Stan Green, a longtime Newsday editor recognized for his graceful writing and known as a mentor to young reporters, died Dec. 7 at Southside Hospital in Bay Shore, his family said. He was 93.
Green began his journalism career at Newsday as a rewrite reporter and copy editor, rose to copy chief and later became the managing editor of the paper’s Sunday magazine before retiring in 1992. He was also one of 25 Newsday journalists who penned “Naked Came the Stranger,” a sexually explicit book that was conceived as a parody of romance novels but became a New York Times bestseller.
Green originally trained to be a pharmacist, and as a teenager enlisted in the Navy, where he trained field medics during World War II, Green’s son, Rick Green, said. He later served in the Korean War.
But the long hours of working at a drugstore did not appeal to Green, who eventually earned a journalism degree from New York University and soon after began working at Newsday, his son said.
Green quickly established himself as an excellent editor and as a calming presence in a sometimes chaotic newsroom, according to Harvey Aronson, a former senior editor at Newsday and Green’s colleague.
“I never saw him get nervous under pressure,” Aronson said. “It was a hard job that he had, but he never got rattled.”
In the office, Green was quiet and presented himself as a “seemingly sedate, ex-pharm guy,” said Aronson, a co-editor of “Naked Came the Stranger.” So when submissions for the novel were being collected, Aronson remembers being pleasantly surprised at Green’s “irreverent” and exceedingly funny contribution — a chapter about an abortion provider who has an affair with his patient.
The novel was published in 1969 under the name Penelope Ashe, who is described on the book’s jacket as a “demure Long Island housewife” and was revealed to be a hoax later that year.
“I always enjoyed telling people I was the son of a New York Times best-selling dirty book author,” said Rick Green, 59, of Manhattan, who eventually joined his father at Newsday as a business editor.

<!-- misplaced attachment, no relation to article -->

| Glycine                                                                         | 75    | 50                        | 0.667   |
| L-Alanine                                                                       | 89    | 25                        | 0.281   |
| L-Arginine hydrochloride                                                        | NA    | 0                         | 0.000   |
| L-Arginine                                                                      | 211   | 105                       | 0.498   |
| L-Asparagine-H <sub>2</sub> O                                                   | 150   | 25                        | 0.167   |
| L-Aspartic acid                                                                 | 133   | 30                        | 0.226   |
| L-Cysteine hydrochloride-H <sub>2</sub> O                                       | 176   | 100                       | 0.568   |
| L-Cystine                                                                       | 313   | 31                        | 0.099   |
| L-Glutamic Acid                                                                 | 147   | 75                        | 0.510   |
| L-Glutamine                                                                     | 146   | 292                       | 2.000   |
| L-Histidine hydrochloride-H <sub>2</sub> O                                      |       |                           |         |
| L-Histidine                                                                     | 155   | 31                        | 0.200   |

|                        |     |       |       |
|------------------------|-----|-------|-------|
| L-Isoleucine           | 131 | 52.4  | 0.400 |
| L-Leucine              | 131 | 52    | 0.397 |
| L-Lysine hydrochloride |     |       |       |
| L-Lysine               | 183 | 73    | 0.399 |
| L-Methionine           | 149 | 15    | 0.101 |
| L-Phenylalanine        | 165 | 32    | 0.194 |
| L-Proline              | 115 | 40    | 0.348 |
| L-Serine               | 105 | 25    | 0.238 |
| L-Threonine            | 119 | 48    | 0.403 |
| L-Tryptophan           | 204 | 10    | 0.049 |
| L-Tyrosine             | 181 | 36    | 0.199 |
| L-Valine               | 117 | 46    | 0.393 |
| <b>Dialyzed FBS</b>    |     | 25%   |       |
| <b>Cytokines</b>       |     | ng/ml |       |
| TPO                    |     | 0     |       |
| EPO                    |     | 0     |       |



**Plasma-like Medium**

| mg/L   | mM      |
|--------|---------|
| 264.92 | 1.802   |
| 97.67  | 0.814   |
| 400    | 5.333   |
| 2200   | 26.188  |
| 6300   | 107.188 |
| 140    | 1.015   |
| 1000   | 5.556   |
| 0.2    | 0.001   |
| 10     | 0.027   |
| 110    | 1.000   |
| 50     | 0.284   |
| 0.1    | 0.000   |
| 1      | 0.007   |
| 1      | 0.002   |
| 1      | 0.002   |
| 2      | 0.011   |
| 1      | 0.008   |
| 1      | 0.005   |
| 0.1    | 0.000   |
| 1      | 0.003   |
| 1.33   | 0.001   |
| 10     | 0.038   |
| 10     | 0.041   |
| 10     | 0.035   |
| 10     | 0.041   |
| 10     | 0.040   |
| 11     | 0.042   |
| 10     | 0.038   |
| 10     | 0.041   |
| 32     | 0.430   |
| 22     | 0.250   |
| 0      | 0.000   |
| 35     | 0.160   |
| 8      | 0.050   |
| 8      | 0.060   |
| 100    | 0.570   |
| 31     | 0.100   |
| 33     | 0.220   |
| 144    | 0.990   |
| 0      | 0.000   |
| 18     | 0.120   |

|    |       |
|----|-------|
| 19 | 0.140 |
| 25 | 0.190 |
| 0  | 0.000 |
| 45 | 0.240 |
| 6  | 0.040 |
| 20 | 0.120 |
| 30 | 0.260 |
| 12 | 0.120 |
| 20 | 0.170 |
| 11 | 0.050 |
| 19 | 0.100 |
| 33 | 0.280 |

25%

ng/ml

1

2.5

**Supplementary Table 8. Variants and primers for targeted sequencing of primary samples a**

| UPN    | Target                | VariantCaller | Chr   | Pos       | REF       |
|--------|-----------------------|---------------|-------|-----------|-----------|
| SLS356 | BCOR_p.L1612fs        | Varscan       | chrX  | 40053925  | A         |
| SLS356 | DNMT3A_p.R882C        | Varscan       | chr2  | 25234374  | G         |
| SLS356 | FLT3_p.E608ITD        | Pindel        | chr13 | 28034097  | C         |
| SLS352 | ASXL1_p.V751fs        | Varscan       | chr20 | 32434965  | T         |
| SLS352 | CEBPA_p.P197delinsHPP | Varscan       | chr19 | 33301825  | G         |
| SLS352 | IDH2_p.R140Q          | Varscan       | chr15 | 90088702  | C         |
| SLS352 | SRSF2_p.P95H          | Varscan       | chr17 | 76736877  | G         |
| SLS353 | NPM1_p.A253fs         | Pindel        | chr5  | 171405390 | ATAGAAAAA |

Green was a careful editor and showed a commitment to his craft, said colleague Howard Schneider, who is now dean of the School of Journalism at Stony Brook University.
“Stan was part of a generation of editors who were true gatekeepers,” said Schneider, a former reporter and editor at Newsday. “No detail was too small for scrutiny, no error of fact inconsequential. No unanswered question worth rushing a story into print.”
He also exhibited a knack for “building narratives and nurturing reporters,” Green’s son said.
“He could think up bigger and more interesting ways of presenting a story and he could get his reporters to do the same,” said Green, who is now an editor at Bloomberg. “To this day, I hear his voice when I’m editing stories — something like, ‘Gotta tighten that up.’ ”
Green was a doting father who never stopped adoring his wife, and in many ways “led the archetypal Long Island life,” Rick Green said.
After returning from the service, Green married Sandy Green in 1952. They had three children together and settled in Bay Shore. Green loved cars and owned a white Dodge Dart convertible, which on many warm summer days he’d drive down to Robert Moses beach with the top down and his family in tow.
“He was a boy from the Bronx who moved to Long Island, won the heart of a beautiful girl, bought his dream home and got to spend weekends cruising down to the beach in his convertible,” Rick Green said. “If you stop to think about it, I think he got exactly what he wanted.”
In addition to his wife and son, Green is survived by two daughters, Linda Green, 61, of Newton, Massachusetts, and Hope Green, 54, of Medford, Massachusetts; and six grandchildren.
A service for Green was held Dec. 10 at Star of David Memorial Chapels in West Babylon. Burial was at Mount Ararat Cemetery in Lindenhurst.